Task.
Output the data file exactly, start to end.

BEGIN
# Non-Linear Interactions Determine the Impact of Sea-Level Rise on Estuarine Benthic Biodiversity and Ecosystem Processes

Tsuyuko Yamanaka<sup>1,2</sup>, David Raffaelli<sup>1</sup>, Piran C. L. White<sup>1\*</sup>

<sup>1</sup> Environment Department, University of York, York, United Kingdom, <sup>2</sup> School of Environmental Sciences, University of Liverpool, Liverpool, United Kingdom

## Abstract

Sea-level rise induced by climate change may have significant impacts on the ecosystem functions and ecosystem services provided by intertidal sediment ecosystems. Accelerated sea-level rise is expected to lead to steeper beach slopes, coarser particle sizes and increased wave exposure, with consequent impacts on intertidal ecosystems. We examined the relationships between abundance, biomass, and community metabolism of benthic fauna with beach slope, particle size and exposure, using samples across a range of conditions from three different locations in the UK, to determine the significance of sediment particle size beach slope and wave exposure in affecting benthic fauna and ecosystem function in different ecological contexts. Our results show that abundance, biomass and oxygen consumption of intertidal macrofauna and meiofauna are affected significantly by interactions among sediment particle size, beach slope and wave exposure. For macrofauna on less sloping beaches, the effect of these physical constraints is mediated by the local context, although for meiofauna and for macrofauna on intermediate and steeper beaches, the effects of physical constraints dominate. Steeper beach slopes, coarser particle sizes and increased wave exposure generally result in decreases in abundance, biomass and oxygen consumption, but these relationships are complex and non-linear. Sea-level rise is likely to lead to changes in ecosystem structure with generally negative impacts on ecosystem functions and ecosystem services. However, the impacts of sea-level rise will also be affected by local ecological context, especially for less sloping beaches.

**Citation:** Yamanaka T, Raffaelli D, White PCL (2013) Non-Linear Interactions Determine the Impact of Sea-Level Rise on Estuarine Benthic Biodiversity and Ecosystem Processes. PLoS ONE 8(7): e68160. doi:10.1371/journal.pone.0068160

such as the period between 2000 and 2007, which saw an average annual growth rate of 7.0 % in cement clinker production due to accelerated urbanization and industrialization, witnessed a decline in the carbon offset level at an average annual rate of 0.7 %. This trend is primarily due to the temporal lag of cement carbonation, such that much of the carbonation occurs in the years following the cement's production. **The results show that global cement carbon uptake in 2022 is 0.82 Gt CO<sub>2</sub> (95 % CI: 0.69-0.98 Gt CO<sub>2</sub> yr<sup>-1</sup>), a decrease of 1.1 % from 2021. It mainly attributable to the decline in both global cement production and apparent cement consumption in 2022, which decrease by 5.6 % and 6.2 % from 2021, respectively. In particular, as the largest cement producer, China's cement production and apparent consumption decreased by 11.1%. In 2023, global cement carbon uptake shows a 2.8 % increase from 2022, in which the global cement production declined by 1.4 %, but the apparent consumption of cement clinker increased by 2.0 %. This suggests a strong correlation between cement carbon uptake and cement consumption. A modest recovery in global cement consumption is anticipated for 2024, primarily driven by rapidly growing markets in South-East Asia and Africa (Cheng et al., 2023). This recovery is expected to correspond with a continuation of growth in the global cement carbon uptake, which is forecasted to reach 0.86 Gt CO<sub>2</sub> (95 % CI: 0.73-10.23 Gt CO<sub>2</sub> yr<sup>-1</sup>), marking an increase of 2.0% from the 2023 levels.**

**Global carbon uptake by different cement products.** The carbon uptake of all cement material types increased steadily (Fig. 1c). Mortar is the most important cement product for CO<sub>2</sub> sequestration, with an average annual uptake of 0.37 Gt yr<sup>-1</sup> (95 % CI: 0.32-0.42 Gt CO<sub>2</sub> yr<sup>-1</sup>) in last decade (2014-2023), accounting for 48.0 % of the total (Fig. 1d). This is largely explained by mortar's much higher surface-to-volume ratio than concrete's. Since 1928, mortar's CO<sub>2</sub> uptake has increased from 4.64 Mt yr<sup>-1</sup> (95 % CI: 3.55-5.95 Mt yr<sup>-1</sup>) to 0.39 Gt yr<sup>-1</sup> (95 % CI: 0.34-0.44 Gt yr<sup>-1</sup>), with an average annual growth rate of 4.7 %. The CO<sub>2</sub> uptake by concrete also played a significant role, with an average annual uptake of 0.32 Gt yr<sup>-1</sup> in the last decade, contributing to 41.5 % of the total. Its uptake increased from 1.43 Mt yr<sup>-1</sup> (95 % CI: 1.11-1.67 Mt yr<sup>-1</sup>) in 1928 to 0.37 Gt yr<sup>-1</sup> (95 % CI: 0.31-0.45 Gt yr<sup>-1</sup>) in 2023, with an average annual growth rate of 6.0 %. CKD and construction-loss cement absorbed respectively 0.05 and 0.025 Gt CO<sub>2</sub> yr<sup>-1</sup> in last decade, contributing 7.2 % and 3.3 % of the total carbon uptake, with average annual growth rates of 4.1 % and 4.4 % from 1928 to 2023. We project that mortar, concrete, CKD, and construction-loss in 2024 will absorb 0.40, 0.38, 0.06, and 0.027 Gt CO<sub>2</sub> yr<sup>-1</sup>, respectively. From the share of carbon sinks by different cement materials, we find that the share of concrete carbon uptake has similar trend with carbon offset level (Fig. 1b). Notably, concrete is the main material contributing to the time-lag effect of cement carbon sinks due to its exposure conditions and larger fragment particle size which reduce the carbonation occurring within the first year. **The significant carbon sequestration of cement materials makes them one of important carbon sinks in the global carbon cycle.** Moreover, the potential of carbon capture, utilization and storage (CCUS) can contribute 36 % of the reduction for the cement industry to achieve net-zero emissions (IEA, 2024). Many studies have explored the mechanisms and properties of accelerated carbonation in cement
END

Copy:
# Non-Linear Interactions Determine the Impact of Sea-Level Rise on Estuarine Benthic Biodiversity and Ecosystem Processes

Tsuyuko Yamanaka<sup>1,2</sup>, David Raffaelli<sup>1</sup>, Piran C. L. White<sup>1\*</sup>

<sup>1</sup> Environment Department, University of York, York, United Kingdom, <sup>2</sup> School of Environmental Sciences, University of Liverpool, Liverpool, United Kingdom

## Abstract

Sea-level rise induced by climate change may have significant impacts on the ecosystem functions and ecosystem services provided by intertidal sediment ecosystems. Accelerated sea-level rise is expected to lead to steeper beach slopes, coarser particle sizes and increased wave exposure, with consequent impacts on intertidal ecosystems. We examined the relationships between abundance, biomass, and community metabolism of benthic fauna with beach slope, particle size and exposure, using samples across a range of conditions from three different locations in the UK, to determine the significance of sediment particle size beach slope and wave exposure in affecting benthic fauna and ecosystem function in different ecological contexts. Our results show that abundance, biomass and oxygen consumption of intertidal macrofauna and meiofauna are affected significantly by interactions among sediment particle size, beach slope and wave exposure. For macrofauna on less sloping beaches, the effect of these physical constraints is mediated by the local context, although for meiofauna and for macrofauna on intermediate and steeper beaches, the effects of physical constraints dominate. Steeper beach slopes, coarser particle sizes and increased wave exposure generally result in decreases in abundance, biomass and oxygen consumption, but these relationships are complex and non-linear. Sea-level rise is likely to lead to changes in ecosystem structure with generally negative impacts on ecosystem functions and ecosystem services. However, the impacts of sea-level rise will also be affected by local ecological context, especially for less sloping beaches.

**Citation:** Yamanaka T, Raffaelli D, White PCL (2013) Non-Linear Interactions Determine the Impact of Sea-Level Rise on Estuarine Benthic Biodiversity and Ecosystem Processes. PLoS ONE 8(7): e68160. doi:10.1371/journal.pone.0068160

such as the period between 2000 and 2007, which saw an average annual growth rate of 7.0 % in cement clinker production due to accelerated urbanization and industrialization, witnessed a decline in the carbon offset level at an average annual rate of 0.7 %. This trend is primarily due to the temporal lag of cement carbonation, such that much of the carbonation occurs in the years following the cement's production. **The results show that global cement carbon uptake in 2022 is 0.82 Gt CO<sub>2</sub> (95 % CI: 0.69-0.98 Gt CO<sub>2</sub> yr<sup>-1</sup>), a decrease of 1.1 % from 2021. It mainly attributable to the decline in both global cement production and apparent cement consumption in 2022, which decrease by 5.6 % and 6.2 % from 2021, respectively. In particular, as the largest cement producer, China's cement production and apparent consumption decreased by 11.1%. In 2023, global cement carbon uptake shows a 2.8 % increase from 2022, in which the global cement production declined by 1.4 %, but the apparent consumption of cement clinker increased by 2.0 %. This suggests a strong correlation between cement carbon uptake and cement consumption. A modest recovery in global cement consumption is anticipated for 2024, primarily driven by rapidly growing markets in South-East Asia and Africa (Cheng et al., 2023). This recovery is expected to correspond with a continuation of growth in the global cement carbon uptake, which is forecasted to reach 0.86 Gt CO<sub>2</sub> (95 % CI: 0.73-10.23 Gt CO<sub>2</sub> yr<sup>-1</sup>), marking an increase of 2.0% from the 2023 levels.**

**Global carbon uptake by different cement products.** The carbon uptake of all cement material types increased steadily (Fig. 1c). Mortar is the most important cement product for CO<sub>2</sub> sequestration, with an average annual uptake of 0.37 Gt yr<sup>-1</sup> (95 % CI: 0.32-0.42 Gt CO<sub>2</sub> yr<sup>-1</sup>) in last decade (2014-2023), accounting for 48.0 % of the total (Fig. 1d). This is largely explained by mortar's much higher surface-to-volume ratio than concrete's. Since 1928, mortar's CO<sub>2</sub> uptake has increased from 4.64 Mt yr<sup>-1</sup> (95 % CI: 3.55-5.95 Mt yr<sup>-1</sup>) to 0.39 Gt yr<sup>-1</sup> (95 % CI: 0.34-0.44 Gt yr<sup>-1</sup>), with an average annual growth rate of 4.7 %. The CO<sub>2</sub> uptake by concrete also played a significant role, with an average annual uptake of 0.32 Gt yr<sup>-1</sup> in the last decade, contributing to 41.5 % of the total. Its uptake increased from 1.43 Mt yr<sup>-1</sup> (95 % CI: 1.11-1.67 Mt yr<sup>-1</sup>) in 1928 to 0.37 Gt yr<sup>-1</sup> (95 % CI: 0.31-0.45 Gt yr<sup>-1</sup>) in 2023, with an average annual growth rate of 6.0 %. CKD and construction-loss cement absorbed respectively 0.05 and 0.025 Gt CO<sub>2</sub> yr<sup>-1</sup> in last decade, contributing 7.2 % and 3.3 % of the total carbon uptake, with average annual growth rates of 4.1 % and 4.4 % from 1928 to 2023. We project that mortar, concrete, CKD, and construction-loss in 2024 will absorb 0.40, 0.38, 0.06, and 0.027 Gt CO<sub>2</sub> yr<sup>-1</sup>, respectively. From the share of carbon sinks by different cement materials, we find that the share of concrete carbon uptake has similar trend with carbon offset level (Fig. 1b). Notably, concrete is the main material contributing to the time-lag effect of cement carbon sinks due to its exposure conditions and larger fragment particle size which reduce the carbonation occurring within the first year. **The significant carbon sequestration of cement materials makes them one of important carbon sinks in the global carbon cycle.** Moreover, the potential of carbon capture, utilization and storage (CCUS) can contribute 36 % of the reduction for the cement industry to achieve net-zero emissions (IEA, 2024). Many studies have explored the mechanisms and properties of accelerated carbonation in cement